The Grenada Government did not provide much by way of answers to pertinent questions on the repurchase of majority shares in the island’s lone electricity company.
On Tuesday, the cash-strapped Keith Mitchell-led Administration finally broke silence and confirmed that a Share Purchase Agreement (SPA) had been finalised for 50% of Grenada Electricity Services Limited Shares held by WRB Enterprises Limited and an additional 11.6% held by Grenada Private Power, a subsidiary of the Florida-based WRB.
However, the government was scarce with details regarding the source of funding for the repurchase when former Public Utilities Minister Gregory Bowen now Finance Minister hosted a news conference on Wednesday.
Minister Bowen said Grenada was able to afford to repurchase at a price of US$63m by diverting allocations from the previous budget which had not been utilised, however he was unable to give a breakdown of this when pressed for an explanation.
There were no specific allocations in the previous budget nor the one for 2021 for the repurchase and it appears that if the government did utilise unused funds there has been no Parliamentary approval to do so.
Under Grenada’s suspended fiscal regulations, government cannot simply rollover unused allocations without placing it in the budget or tabling a Supplementary Appropriations Bill in the Parliament.
When pressed further for answers, Minister Bowen resorted to the government’s catch-phrase of “prudent fiscal management”.
Grenada paid almost three times the actual value of the shares based on the terms of a 1994 Share Purchase Agreement (SPA) which was modified in 1995 and agreed to by the New National Party (NNP) Government.
In 2013, WRB gave the government an opportunity to acquire its shares for EC$80m, some EC$100m less than the amount paid now, but the offer was refused – Bowen explained on Monday that the country could not afford it then.
Based on the 1994 SPA, which the Mitchell-led Administration agreed to in 1995 after taking the matter to international arbitration for the first time, the 2016 Electricity Supplies Act initiated a “repurchase event”.
One of the terms of the 1994 SPA is that the passage of any regulations which the company finds to be unfavourable to its ability to operate in the market then the government would have to buy back the shares.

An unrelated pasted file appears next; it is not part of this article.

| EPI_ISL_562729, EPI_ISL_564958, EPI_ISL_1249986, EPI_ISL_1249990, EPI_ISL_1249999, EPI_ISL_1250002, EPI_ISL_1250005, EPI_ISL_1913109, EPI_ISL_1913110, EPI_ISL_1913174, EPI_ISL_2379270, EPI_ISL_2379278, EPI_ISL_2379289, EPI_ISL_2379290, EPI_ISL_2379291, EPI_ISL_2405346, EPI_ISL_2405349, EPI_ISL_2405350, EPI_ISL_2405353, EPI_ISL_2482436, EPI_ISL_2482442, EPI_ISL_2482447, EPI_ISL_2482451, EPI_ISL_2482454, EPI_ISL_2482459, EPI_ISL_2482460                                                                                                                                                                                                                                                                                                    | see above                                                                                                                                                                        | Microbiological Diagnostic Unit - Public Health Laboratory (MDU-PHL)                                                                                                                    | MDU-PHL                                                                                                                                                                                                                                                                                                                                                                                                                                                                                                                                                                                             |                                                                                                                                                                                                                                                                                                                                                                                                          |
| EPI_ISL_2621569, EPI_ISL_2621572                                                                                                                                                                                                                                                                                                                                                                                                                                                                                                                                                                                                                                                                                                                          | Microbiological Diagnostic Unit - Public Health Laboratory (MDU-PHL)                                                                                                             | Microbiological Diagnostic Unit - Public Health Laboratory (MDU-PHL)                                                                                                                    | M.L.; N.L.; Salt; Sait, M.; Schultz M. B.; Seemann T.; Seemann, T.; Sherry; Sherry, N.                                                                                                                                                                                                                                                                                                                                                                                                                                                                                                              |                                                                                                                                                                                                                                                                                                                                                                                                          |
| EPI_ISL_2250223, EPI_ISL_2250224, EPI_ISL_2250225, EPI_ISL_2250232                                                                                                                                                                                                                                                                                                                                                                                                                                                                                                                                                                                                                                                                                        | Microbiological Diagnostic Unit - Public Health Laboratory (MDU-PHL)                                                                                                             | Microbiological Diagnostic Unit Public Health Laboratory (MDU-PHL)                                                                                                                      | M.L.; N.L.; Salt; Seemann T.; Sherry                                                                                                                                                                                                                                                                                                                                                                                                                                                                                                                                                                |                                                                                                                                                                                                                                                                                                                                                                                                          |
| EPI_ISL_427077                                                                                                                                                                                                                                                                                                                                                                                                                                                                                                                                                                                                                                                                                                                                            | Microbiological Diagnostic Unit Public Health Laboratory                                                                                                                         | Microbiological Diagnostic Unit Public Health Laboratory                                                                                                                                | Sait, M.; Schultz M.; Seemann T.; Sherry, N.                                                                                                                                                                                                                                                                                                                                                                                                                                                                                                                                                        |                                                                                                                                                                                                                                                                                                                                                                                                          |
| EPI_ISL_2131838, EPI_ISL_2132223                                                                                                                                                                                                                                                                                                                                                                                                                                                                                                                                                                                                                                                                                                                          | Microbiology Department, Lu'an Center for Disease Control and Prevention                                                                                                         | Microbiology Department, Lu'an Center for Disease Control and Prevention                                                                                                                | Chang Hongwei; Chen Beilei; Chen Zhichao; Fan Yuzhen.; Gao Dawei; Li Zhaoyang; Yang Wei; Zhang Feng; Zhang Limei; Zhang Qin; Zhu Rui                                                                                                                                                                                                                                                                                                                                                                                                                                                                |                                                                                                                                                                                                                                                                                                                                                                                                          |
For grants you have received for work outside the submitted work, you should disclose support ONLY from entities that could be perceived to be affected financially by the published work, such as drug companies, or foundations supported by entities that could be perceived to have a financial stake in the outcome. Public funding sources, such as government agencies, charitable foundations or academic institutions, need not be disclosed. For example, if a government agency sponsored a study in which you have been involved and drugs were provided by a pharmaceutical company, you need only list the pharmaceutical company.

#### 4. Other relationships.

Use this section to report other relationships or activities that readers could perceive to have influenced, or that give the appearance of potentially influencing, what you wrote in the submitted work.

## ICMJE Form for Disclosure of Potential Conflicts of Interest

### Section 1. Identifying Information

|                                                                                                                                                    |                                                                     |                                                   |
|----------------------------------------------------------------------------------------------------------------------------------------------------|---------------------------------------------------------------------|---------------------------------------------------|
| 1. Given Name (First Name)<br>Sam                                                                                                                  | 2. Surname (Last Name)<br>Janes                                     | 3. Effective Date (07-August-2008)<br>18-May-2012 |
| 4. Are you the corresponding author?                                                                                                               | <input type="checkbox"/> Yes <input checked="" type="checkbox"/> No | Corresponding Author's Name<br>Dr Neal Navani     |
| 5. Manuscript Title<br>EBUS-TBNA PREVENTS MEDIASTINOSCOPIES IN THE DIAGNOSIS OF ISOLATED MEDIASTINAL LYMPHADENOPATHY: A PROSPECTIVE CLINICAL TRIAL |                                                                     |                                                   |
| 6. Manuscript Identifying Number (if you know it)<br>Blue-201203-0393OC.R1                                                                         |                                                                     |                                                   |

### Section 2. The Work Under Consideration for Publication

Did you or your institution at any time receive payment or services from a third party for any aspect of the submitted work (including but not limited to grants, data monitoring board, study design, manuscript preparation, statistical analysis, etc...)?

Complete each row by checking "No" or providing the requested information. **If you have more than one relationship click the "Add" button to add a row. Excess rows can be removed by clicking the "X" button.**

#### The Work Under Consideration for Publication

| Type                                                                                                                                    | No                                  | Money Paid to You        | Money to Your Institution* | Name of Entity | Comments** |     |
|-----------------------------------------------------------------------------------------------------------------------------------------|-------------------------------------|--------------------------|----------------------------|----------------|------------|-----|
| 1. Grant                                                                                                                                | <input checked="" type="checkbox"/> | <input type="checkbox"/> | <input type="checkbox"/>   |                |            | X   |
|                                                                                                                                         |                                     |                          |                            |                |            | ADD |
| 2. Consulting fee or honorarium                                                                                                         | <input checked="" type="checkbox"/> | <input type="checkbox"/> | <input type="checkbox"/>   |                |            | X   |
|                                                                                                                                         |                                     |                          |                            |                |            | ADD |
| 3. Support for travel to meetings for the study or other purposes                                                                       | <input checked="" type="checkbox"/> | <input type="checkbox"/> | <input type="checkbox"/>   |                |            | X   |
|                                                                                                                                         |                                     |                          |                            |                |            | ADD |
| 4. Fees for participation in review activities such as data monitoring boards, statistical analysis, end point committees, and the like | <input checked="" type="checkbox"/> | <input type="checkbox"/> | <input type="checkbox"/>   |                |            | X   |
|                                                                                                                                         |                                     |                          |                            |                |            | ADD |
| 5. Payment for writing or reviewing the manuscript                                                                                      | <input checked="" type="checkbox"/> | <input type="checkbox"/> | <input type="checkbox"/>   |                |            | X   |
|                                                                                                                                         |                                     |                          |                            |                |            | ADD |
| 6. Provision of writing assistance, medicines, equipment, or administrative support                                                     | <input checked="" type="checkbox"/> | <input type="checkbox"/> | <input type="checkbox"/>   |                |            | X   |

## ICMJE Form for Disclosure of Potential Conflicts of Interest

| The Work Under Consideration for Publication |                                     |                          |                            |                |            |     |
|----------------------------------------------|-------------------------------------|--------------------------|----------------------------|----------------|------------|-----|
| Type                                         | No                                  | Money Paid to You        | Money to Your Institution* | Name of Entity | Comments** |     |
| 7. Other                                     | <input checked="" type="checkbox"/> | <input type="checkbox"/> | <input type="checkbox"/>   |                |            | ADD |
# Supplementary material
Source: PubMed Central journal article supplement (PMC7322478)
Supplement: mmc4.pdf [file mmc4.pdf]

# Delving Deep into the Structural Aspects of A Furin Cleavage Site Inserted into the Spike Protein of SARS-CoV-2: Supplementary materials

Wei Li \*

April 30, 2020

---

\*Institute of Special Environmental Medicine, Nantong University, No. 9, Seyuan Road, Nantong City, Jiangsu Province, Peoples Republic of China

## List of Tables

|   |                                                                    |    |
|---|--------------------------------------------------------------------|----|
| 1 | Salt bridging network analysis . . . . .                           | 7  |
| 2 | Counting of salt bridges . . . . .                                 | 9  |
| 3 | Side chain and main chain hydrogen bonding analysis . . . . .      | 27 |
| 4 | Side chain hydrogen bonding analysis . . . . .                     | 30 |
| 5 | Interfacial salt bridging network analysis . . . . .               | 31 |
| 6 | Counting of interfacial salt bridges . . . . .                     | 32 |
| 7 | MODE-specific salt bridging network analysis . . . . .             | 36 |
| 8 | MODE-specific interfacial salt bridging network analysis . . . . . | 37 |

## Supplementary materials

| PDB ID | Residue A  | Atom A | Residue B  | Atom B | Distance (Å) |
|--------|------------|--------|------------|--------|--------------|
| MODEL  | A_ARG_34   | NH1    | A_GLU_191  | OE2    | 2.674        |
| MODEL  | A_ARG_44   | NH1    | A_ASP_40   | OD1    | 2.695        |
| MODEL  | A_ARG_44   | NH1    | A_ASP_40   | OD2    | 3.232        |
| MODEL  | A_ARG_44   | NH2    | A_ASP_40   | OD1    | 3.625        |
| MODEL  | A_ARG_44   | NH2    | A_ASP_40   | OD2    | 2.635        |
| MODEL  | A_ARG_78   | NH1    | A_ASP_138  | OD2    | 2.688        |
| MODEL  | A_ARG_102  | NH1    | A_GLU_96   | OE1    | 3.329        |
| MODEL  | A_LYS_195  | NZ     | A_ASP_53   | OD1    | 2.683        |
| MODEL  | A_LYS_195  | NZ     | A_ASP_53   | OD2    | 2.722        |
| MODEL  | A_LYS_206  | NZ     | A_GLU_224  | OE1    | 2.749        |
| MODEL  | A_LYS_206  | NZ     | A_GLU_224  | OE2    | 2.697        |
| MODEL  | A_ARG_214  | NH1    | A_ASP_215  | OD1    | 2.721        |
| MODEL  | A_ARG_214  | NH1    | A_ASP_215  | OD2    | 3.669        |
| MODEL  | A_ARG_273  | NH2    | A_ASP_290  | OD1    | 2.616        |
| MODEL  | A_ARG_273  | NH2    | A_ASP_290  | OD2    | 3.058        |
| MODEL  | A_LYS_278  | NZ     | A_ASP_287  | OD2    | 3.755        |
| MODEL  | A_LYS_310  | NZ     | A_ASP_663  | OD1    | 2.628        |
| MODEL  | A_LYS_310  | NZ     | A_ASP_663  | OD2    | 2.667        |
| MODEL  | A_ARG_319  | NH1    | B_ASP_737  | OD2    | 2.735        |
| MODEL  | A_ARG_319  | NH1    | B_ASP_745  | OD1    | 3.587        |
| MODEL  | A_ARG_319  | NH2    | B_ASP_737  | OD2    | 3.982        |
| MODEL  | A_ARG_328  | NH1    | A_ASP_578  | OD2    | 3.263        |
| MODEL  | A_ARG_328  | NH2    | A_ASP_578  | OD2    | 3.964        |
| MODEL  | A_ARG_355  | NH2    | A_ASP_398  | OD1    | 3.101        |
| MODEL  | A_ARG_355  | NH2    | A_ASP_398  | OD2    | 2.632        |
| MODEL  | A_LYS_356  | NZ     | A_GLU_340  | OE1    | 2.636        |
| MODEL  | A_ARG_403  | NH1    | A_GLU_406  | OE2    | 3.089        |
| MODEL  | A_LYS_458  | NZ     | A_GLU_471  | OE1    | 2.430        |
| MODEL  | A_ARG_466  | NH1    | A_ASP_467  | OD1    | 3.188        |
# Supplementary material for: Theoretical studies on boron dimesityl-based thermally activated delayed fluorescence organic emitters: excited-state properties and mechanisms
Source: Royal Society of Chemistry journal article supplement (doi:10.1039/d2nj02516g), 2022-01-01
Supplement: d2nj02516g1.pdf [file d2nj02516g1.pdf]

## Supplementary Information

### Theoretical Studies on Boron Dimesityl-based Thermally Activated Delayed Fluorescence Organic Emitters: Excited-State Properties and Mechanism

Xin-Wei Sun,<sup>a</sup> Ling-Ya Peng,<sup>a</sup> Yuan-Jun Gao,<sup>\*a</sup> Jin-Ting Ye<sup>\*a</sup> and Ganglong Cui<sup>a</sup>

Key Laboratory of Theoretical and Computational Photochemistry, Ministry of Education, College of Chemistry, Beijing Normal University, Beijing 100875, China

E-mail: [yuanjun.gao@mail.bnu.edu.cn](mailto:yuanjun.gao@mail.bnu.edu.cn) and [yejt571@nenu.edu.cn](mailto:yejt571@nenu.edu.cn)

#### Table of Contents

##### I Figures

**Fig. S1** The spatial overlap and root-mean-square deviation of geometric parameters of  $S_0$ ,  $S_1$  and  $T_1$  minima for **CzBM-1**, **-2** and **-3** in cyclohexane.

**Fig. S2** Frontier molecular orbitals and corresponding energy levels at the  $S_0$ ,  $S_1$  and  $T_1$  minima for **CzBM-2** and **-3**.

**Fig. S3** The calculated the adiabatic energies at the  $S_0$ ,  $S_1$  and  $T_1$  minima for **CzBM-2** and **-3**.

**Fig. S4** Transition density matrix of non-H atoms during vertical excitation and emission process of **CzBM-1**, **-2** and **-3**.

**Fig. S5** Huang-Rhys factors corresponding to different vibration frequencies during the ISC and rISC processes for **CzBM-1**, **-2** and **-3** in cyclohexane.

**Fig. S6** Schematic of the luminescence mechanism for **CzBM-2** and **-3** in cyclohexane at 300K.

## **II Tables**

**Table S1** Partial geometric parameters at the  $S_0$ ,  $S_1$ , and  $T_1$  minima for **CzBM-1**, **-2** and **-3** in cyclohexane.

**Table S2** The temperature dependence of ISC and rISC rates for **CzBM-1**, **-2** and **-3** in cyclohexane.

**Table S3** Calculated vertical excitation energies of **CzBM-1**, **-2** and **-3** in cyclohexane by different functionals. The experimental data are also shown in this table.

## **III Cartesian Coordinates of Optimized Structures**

The Mitchell-led administration appears to be still maintaining a hostile stance against Florida-based WRB Enterprises which it has successfully driven out of the Grenada electricity supply market.
In seeking to justify a decades-long fight to overturn the SPA that was signed in 1994, the NNP Government has now accused WRB of diverting profits back to itself that ought to have been used for company development.
During the press conference, Minister Bowen also spoke of evidence of “malfeasance” by WRB, a suggestion which had been made in a statement by government a day earlier.
He said: “…Government has also acquired the 11.6% shares which WRB purchased through an affiliate company and which was used to plough profits back into the hands of the company and its affiliates, rather than into critical ongoing capital investment to maintain and improve GRENLEC’s generating capacity.”
Bowen suggested that “load shedding” could begin again in Grenada after years of reliable service because of what he claimed is the current state of Grenlec’s generating equipment – this could not be immediately, independently confirmed.
WRB is acknowledged as one of the better management companies in the electricity generation and distribution market in the region and Grenlec has been generally considered a well-run company that had provided a reliable supply of electricity in the 26 years that it has been in Grenada.
According to the Government of Grenada, the World Bank has been given authority to select a management company to manage Grenlec, oversee the divestment of government’s 61.6% shares and to lead a move towards developing renewable energy.
The government has promised a lowering of electricity rates with the liberalisation of the market but given the size of the Grenada market this may not be feasible.
Bowen shared the press conference with Foreign Affairs Minister, Oliver Joseph who was a member of the team that negotiated the repurchase of the Grenlec shares from WRB.